I appeal to you therefore, brothers and sisters, by the mercies of God, to present your bodies as a living sacrifice, holy and acceptable to God, which is your spiritual worship. 2Do not be conformed to this world, but be transformed by the renewing of your minds, so that you may discern what is the will of God—what is good and acceptable and perfect.
3For by the grace given to me I say to everyone among you not to think of yourself more highly than you ought to think, but to think with sober judgment, each according to the measure of faith that God has assigned. 4For as in one body we have many members, and not all the members have the same function, 5so we, who are many, are one body in Christ, and individually we are members one of another. 6We have gifts that differ according to the grace given to us: prophecy, in proportion to faith; 7ministry, in ministering; the teacher, in teaching; 8the exhorter, in exhortation; the giver, in generosity; the leader, in diligence; the compassionate, in cheerfulness. (NRSV)
Paul wrote his letter to the Romans about 57CE. I imagine that the church in Rome, as a brand-new community, would have felt small and insignificant inside the city that served as the seat of government for the first century’s largest and most powerful empire. And yet that community seems to have felt an excessively heavy burden of scrutiny.
Nero, the emperor during Paul’s ministry, was known for a fearsome capacity for political tyranny and personal self-indulgence. Of the few ancient historians who left details about Nero, all but one record that the emperor himself ordered the Great Fire that destroyed two thirds of Rome in 64CE1; and some of those historians suggest that he did so in order to clear space for building projects that would glorify him. However, Nero quickly blamed the Christians for the fire, and thus began the practice of persecuting people who proclaimed the kingdom of God and professed faith in Jesus rather worshiping the empire and the emperor.
While Paul’s letter was written before the fire, Roman culture was still characterized by conquest and control, by entrenched violence and callous disregard for human life. To entertain both the powerful and the poor, human beings fought to the death in the Colosseum. For both sport and crime-prevention, criminals were fed to wild beasts who had been intentionally starved. Any culture which thrives on such barbarism, and on things like slavery, public execution, or lynching, oppresses the poor, the powerless, and the suspect. Those cultures treat human bodies like injured livestock.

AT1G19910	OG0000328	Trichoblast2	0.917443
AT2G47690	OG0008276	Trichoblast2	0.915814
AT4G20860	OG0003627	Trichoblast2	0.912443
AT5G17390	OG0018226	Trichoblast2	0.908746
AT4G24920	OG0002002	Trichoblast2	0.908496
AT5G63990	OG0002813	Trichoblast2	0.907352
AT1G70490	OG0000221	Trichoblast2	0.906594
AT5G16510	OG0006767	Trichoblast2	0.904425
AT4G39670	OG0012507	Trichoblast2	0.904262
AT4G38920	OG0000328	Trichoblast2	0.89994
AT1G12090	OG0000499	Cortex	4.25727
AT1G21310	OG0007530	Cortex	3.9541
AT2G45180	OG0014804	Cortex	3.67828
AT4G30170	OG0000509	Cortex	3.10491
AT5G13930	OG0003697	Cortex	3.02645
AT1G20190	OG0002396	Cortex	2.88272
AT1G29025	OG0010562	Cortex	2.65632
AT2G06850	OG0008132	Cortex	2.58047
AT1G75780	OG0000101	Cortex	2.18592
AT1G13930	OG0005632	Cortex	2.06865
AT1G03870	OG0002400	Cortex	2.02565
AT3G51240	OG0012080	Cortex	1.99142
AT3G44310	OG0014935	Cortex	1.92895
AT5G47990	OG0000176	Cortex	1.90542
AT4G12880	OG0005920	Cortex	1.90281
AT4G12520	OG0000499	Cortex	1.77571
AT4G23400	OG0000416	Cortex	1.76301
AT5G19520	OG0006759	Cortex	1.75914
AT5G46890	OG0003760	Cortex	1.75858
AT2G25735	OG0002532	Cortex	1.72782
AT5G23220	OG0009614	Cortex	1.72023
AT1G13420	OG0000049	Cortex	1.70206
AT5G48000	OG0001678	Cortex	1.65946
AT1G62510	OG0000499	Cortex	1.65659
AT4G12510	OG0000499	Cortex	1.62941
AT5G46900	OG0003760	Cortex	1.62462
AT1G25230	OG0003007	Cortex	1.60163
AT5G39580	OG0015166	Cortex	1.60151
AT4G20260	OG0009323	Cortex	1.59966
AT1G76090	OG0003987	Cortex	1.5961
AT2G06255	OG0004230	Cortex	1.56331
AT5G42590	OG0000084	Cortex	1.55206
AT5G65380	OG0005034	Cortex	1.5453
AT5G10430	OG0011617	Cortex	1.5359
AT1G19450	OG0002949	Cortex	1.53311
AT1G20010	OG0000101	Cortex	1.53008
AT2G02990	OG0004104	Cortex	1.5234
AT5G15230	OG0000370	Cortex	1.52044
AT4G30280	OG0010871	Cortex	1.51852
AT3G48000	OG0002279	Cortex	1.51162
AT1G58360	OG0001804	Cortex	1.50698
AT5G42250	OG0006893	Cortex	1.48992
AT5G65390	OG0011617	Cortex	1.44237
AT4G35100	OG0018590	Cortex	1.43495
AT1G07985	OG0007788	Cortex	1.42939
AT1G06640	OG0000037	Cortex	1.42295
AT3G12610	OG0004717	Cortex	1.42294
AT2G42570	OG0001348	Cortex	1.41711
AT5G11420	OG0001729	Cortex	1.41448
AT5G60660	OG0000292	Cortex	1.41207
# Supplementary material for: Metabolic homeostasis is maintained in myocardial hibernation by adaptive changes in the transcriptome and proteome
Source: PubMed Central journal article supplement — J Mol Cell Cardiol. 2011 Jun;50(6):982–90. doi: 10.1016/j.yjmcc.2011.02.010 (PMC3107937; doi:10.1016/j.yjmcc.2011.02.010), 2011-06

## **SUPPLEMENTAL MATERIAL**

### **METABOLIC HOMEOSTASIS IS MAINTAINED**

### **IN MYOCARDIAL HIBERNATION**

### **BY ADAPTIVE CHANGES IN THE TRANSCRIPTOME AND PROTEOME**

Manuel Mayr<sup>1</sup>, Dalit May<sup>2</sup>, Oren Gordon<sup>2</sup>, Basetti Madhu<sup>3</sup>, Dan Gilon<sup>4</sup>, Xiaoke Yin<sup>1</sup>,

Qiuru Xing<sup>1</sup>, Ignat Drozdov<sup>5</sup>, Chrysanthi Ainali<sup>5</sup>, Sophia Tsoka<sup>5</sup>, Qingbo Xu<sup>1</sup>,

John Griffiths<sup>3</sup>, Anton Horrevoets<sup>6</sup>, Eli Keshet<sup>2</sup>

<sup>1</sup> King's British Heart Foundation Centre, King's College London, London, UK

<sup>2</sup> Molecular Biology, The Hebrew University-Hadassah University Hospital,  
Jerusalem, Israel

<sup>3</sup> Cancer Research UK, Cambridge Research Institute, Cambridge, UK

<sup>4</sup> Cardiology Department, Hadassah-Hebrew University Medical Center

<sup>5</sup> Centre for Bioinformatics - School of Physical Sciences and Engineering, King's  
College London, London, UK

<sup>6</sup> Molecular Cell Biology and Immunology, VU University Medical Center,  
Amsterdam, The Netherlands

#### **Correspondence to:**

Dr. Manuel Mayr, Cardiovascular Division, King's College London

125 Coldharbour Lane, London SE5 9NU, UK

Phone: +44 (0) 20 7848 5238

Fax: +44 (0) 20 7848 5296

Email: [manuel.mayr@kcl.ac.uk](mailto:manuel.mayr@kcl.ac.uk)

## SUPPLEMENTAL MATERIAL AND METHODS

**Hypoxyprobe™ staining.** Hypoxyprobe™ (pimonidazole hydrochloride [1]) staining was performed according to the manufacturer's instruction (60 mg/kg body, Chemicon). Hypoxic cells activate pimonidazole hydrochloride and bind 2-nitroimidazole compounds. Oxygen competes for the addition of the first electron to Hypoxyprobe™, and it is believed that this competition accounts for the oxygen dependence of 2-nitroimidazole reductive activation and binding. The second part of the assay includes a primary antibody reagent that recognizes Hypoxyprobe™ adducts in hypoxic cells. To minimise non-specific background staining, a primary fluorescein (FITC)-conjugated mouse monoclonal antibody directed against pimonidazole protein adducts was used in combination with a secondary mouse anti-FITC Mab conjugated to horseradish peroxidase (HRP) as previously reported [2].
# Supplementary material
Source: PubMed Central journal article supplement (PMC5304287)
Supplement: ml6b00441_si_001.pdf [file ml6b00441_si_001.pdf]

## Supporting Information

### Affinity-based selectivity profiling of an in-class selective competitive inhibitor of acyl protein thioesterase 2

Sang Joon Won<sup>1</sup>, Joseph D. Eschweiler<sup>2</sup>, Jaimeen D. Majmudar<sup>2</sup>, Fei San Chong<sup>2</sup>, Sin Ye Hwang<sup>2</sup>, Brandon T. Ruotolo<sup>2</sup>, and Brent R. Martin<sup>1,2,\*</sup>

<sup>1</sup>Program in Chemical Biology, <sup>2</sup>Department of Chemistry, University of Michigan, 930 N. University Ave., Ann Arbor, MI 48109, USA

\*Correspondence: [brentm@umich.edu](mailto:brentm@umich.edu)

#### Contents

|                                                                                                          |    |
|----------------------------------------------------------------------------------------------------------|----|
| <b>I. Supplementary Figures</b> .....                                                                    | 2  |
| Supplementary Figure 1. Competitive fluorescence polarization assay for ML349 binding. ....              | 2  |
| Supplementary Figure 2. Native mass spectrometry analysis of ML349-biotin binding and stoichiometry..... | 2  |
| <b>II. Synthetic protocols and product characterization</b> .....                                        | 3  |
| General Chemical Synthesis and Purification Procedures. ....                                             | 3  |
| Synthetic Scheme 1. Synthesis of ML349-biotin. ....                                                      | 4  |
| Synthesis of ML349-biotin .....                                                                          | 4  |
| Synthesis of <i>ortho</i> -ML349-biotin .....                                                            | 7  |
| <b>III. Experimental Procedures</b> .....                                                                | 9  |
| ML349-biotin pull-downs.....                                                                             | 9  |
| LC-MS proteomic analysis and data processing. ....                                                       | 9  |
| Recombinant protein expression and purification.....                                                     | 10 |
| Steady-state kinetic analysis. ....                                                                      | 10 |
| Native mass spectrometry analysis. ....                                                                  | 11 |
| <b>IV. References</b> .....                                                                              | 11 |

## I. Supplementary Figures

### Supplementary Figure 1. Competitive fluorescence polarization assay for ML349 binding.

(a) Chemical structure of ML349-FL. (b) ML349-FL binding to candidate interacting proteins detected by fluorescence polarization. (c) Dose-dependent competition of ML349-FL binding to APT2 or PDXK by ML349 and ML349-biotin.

So, put yourself in the place of first-century Christians in Rome. How might you react when Paul appeals to you saying, “present your bodies as a living sacrifice…to God,” and that doing so constitutes your true “spiritual worship”? That’s kind of like wealthy people saying to parents of starving children, Well, at least your kids aren’t overweight.
Then Paul begins to clarify himself. “Do not be conformed to this world.” Don’t mistake the temporary securities of military dominance and the temporal pleasures of indulgent wealth for God’s blessings. In the long run, those things do more harm than good. They turn our trust and hope away from God and from God’s very different kind of power and richness. They turn us toward our own comfort and social status, things that must be gained and maintained at the expense of others.
The Caesars of the world, and those who worship him, cannot have their excess without oppressing others or depriving them of basic human needs. And to accept that disparity is to decide that those other people—their bodies, their minds, and their very humanity—is less significant, less valuable. And if we follow Jesus, we cannot justify valuing one person, nation, or race more than others.
So, Paul says, “Be transformed by the renewing of your minds, so that you may discern what is the will of God.” Overcoming the temptation to devalue other people for one’s own sake requires a transformation of mind and spirit. And while transformation, as a gift of grace, is something we cannot make happen, we can make room for it. According to both Paul and Jesus, transformation occurs when we let go of our fearful, ego-ridden selves.
Don’t imagine yourself as better than anyone else, says Paul. With a clear mind, hold the people around you in awe and gratitude. Discern in each other that which is holy and good, that which reflects the presence of God in whose image all human beings are made, and in whom all humankind is one.
Paul uses the image of a single human body to illustrate the diversity necessary for wholeness in human communities. He reminds his readers that just like ears, eyes, hands, and livers all have their own crucial functions, different people have their own gifts that are necessary to the well-being of families, churches, cities, and nations. Think about it: If Nero did burn two thirds of Rome for personal gain, he illustrates what it means to cut off your nose to spite your face.